Making Myself Useful

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Image courtesy of the Army Corps of Engineers. Licensed under CC BY 2.0.

This is the fourth time I’ve tried to write this blog post. I had a couple of ideas for topics, mostly centering on this John Green video about becoming an adult, but they all wound up mopey and self-absorbed and awful. They did not begin to approach the level of fun of, say, my piece on bears on leashes.

Basically, I am aware that being 22 sucks for a lot of people, but that does not make it less terrible for me, right at this moment. I feel like I’ve screwed something up by being in Atlanta rather than New York or LA or Tanzania, and even though I know that nothing about this is permanent, and that my life is likely to change more than I can possible imagine in the next 10 (or even five) years, there is a giant gulf between what I know objectively to be true and what keeps me up at night feeling somewhat adrift.

However, it is also totally possible to autopilot my weird bout of self-loathing and sadness–that’s part of what makes it so boring to read about. I am able to realize that I’ll probably feel that way no matter what I do, so it is easy for me to rationalize getting back out in the world to make myself useful. To that end, I went out to volunteer over the weekend.

I’m glad I did, because you know who’s super-nice, particularly after you’ve spent most of your weekend talking to no one but your cat and immediate family? Volunteers.

They are the actual nicest. Rather than being frustrated with me for not knowing what I was doing, every single person who was working with me over the evening thanked me for coming out, helped guide me through what I was supposed to be doing, and then made perfectly nice smalltalk about how I wound up volunteering there. It was really pleasant to be surrounded by kind people who were also not talking about tech support.

Plus there was free beer and cupcakes, which is not a bad volunteer perk.

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Meeting John Green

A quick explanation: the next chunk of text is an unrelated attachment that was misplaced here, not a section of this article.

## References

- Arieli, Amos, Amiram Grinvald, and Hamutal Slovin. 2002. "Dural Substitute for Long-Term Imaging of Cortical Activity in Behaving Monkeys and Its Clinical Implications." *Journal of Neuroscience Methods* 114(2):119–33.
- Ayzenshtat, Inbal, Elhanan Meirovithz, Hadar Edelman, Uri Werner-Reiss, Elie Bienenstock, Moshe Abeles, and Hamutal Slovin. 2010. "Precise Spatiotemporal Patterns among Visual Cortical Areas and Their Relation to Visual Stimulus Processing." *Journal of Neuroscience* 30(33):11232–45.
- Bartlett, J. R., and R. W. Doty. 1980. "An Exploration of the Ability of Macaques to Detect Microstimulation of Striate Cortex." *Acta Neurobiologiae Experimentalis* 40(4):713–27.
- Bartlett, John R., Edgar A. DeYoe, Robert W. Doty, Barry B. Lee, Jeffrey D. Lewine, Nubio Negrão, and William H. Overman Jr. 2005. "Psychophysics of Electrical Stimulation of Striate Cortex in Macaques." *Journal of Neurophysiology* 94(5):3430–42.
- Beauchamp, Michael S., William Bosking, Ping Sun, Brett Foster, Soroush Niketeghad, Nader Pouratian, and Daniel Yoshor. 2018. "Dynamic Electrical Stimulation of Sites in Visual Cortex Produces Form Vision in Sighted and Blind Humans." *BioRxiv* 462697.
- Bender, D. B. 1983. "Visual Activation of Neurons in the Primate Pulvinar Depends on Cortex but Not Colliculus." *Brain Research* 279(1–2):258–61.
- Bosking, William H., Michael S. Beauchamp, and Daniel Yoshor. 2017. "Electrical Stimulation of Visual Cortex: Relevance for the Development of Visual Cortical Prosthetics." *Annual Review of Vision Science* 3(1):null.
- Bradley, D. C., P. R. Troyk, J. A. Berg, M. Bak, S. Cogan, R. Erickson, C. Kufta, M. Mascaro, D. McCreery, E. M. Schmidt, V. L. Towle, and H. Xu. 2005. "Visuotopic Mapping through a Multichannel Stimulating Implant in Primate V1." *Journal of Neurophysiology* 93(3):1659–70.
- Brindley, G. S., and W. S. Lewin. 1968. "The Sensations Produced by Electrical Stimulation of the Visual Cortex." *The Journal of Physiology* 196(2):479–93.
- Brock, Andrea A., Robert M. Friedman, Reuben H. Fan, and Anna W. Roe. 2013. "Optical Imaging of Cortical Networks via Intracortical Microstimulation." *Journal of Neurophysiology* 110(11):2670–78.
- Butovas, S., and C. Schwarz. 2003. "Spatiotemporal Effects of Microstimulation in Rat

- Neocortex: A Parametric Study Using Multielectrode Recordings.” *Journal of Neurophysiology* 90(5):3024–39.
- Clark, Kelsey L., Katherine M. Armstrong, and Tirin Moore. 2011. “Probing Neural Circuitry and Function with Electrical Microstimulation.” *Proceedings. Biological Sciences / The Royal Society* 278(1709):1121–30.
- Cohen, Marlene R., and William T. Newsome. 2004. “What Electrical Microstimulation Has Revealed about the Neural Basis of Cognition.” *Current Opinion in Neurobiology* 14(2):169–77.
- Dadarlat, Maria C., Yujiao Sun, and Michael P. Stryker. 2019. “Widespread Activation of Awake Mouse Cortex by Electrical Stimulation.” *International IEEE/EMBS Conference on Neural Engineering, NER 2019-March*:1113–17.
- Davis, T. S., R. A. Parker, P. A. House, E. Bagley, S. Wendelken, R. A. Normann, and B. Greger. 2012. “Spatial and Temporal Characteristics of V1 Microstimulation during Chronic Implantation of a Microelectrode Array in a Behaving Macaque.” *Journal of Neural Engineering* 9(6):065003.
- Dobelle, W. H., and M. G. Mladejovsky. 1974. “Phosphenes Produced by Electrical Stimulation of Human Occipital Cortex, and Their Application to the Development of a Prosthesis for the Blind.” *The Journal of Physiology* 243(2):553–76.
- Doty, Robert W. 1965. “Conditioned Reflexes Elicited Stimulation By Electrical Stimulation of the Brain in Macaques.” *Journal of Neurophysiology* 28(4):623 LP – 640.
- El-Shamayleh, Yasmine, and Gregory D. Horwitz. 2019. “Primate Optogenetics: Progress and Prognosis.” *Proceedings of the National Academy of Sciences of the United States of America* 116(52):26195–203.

A few nights ago, my sister and I attended the Atlanta portion of the 2012 Tour de Nerdfighting. For those not in the know, this was a promotional event put on by John Green as part of his promotional tour for The Fault in Our Stars. In addition to the book reading and after-speech signing that is sort of standard at these events, this particular presentation included sock puppets, Hank Green (John’s brother) singing a song about quarks, and an 876-person audience getting rickrolled by two guys from the internet.

John Green talked to my sister about the Mountain Goats, though she thought he was talking to her about mountain goats.

It was pretty cool.

I enjoyed The Fault in Our Stars, which is a well-done book that manages to combine very sad things with very funny things in a way that is neither callous nor overly-emotional. It’s about two kids, ages 16 and 17, falling in love for the first time after meeting in a support group held in the Literal Heart of Jesus. Both of them have cancer. They’re also really funny, in a way that only literary teens can be. They’re also empathetic and selfish and worried about their parents in the way that actual teens are. You should read the book, if you haven’t.

Though I found some of my fellow book event attendees a trifle overenthusiastic (which, given that they’re in the intended age range for young adult fiction and I am not probably just means that I am crotchety and old now), everyone there seemed like good people. I don’t think I was that friendly and open and enthusiastically weird at 15, and so it’s cool to see people who are. Young adult book events are like incredibly friendly concerts. They’re their own little fandom community come to meat space.

I find the Green brothers interesting on a professional level, as they have managed to both create successful careers with multiple income streams facilitated by the internet. But on a more personal level, they seem like good people. I like that good people exist in any space, and I am even happier that they can sell out an auditorium so that it is full of enthusiastic, weird, friendly people who like what they’re saying. It’s a good sign.